From Chuck Todd, Mark Murray, and Domenico Montanaro
*** The Gore-acle finally speaketh: For months, the question wasn't if Al Gore was going to endorse Obama, but when. And would he do it at a time that was pivotal in the primary? Well, he chose not to poke the Clintons in the eye, waiting until last night to finally endorse Obama. But why was the event in Michigan? It presents risks and rewards for the Obama campaign. On the plus side, it's obvious that Michigan has become a HUGE priority for Team Obama. After all, it has now unveiled two of its biggest endorsements in the state -- Edwards (on May 14) and Gore (last night). And those kind of big rallies enable a campaign to build up its field program. And where is Obama today? For a second day in a row, he's in Michigan…On the other hand, Gore's stances on auto emissions are NOT popular with the auto industry. Having Gore endorse Obama in Michigan, of all places, might have been a risk for the campaign. But it was a risk it thought was worth taking.
VIDEO: NBC Deputy Political Director Mark Murray gives his first read on the political headlines of the day and takes a look back at a 2005 prediction by Tim Russert, saying that this year's electoral map may take on a different look.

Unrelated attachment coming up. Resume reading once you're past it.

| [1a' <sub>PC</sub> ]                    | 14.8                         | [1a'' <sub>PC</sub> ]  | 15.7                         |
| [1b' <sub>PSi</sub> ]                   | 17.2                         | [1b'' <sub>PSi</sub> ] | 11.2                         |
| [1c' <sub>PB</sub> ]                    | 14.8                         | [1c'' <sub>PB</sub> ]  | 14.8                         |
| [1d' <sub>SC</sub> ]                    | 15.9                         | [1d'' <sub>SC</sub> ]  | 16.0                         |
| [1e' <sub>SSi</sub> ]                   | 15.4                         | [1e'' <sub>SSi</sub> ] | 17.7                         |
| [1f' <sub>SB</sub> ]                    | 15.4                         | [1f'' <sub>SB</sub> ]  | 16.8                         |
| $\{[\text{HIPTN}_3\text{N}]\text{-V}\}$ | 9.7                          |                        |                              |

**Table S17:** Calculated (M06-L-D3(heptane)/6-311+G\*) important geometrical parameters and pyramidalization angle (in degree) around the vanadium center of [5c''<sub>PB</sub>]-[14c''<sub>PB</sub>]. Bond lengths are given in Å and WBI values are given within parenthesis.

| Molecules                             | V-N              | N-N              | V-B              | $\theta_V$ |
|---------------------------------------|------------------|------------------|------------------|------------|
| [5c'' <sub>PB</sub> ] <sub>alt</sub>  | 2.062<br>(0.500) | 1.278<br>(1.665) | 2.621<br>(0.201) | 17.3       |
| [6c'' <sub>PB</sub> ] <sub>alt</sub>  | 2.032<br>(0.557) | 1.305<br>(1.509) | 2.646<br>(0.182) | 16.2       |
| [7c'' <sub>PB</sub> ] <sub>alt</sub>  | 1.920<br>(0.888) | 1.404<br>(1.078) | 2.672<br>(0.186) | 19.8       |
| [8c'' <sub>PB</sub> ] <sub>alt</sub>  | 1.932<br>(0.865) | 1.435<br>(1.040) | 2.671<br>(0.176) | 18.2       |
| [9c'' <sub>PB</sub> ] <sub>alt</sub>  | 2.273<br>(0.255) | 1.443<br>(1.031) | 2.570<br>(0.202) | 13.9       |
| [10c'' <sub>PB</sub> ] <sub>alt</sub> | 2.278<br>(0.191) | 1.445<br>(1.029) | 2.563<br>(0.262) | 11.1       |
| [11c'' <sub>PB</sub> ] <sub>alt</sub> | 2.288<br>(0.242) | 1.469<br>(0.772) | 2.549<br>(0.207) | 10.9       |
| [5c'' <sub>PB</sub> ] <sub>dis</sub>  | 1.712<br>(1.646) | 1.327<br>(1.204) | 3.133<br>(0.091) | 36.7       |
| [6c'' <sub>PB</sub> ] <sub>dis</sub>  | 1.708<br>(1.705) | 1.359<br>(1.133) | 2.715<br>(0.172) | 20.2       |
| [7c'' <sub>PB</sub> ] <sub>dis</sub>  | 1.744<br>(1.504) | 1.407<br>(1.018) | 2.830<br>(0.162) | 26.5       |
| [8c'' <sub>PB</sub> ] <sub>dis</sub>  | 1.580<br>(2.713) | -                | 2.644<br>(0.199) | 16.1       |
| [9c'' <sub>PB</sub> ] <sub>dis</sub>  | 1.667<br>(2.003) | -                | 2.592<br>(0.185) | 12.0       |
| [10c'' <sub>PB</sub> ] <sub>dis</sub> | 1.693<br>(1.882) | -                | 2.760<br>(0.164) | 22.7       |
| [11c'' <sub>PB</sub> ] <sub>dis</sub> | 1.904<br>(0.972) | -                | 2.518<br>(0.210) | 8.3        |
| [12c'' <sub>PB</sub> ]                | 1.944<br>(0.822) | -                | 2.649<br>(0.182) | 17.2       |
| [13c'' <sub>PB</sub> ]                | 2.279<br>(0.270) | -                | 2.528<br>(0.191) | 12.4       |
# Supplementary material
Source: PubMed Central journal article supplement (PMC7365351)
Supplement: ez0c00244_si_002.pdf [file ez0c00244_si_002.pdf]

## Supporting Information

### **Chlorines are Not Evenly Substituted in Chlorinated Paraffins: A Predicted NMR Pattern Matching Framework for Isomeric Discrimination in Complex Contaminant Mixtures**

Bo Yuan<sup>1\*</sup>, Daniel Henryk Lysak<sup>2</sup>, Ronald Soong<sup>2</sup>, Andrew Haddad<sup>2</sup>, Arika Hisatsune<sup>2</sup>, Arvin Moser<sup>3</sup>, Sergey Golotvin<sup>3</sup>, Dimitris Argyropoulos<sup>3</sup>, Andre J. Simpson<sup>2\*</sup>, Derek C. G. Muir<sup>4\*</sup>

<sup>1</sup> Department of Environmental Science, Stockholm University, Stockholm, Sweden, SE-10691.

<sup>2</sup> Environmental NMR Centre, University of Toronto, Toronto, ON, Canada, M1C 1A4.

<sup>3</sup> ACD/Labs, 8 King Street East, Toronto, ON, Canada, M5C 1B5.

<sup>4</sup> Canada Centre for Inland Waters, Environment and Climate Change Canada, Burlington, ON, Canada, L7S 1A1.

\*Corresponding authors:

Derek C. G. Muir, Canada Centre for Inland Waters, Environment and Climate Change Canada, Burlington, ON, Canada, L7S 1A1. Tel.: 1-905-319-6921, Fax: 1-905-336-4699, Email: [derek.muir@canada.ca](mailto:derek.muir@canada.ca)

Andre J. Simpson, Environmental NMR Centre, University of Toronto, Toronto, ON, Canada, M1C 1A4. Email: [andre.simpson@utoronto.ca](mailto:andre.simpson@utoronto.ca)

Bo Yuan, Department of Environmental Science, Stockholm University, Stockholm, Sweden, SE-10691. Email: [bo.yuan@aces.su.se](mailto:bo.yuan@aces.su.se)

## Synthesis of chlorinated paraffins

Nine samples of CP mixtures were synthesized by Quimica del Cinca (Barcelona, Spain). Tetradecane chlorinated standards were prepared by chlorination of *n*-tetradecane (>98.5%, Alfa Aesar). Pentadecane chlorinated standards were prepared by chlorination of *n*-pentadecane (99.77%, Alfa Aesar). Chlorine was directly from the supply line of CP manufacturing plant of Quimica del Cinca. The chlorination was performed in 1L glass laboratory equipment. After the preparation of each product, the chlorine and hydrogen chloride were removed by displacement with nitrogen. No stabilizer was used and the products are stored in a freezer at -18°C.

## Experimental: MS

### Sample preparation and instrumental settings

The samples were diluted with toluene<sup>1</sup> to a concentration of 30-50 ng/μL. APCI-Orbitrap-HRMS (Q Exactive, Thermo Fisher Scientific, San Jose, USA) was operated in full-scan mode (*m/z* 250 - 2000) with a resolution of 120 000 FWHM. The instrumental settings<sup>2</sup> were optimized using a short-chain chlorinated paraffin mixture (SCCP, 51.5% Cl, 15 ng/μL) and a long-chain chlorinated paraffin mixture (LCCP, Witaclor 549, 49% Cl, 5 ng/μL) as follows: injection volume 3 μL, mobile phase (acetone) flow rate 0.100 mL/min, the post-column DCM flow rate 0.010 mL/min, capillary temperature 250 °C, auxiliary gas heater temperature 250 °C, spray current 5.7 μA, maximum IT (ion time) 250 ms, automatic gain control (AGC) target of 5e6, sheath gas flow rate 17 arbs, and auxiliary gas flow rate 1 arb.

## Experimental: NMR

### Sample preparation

*** Off-shore gambling? One day after Mr. Environment endorsed Obama in Michigan, McCain today gives a speech in Houston in which he will call for lifting the moratorium on off-shore drilling. It's a move that's already generating plenty of criticism from environmental groups and Democrats, and it provides opponents with another example of McCain pursuing policies similar to Bush's -- in this case, increased oil production (although McCain opposes drilling in ANWR). But McCain's call for lifting the ban could also be seen as a pragmatic, short-term solution to high energy costs that could play well in places like Michigan, even if it's loathed on the coasts. In fact, McCain may be gambling three things about Florida with this decision to back a lifting in the ban on offshore oil drilling: 1) the price of gas is high enough that voters are going to be more open to finding new energy sources; 2) his lead is big enough in Florida than he can afford to alienate some voters on this specific issue; and 3) forcing Obama to defend not drilling for oil on the coasts of Florida and California might give McCain a way to make Obama not look like he's trying to find a solutions to the nation's energy needs. One other thing to keep in mind: No Republicans in Florida have gotten elected statewide without endorsing the moratorium on off-shore oil drilling, so McCain's decision is going to get its share of criticism even from VP wannabe Charlie Crist. And if Crist tries to rationalize the McCain decision then we'll really find out just how much he wants on the ticket.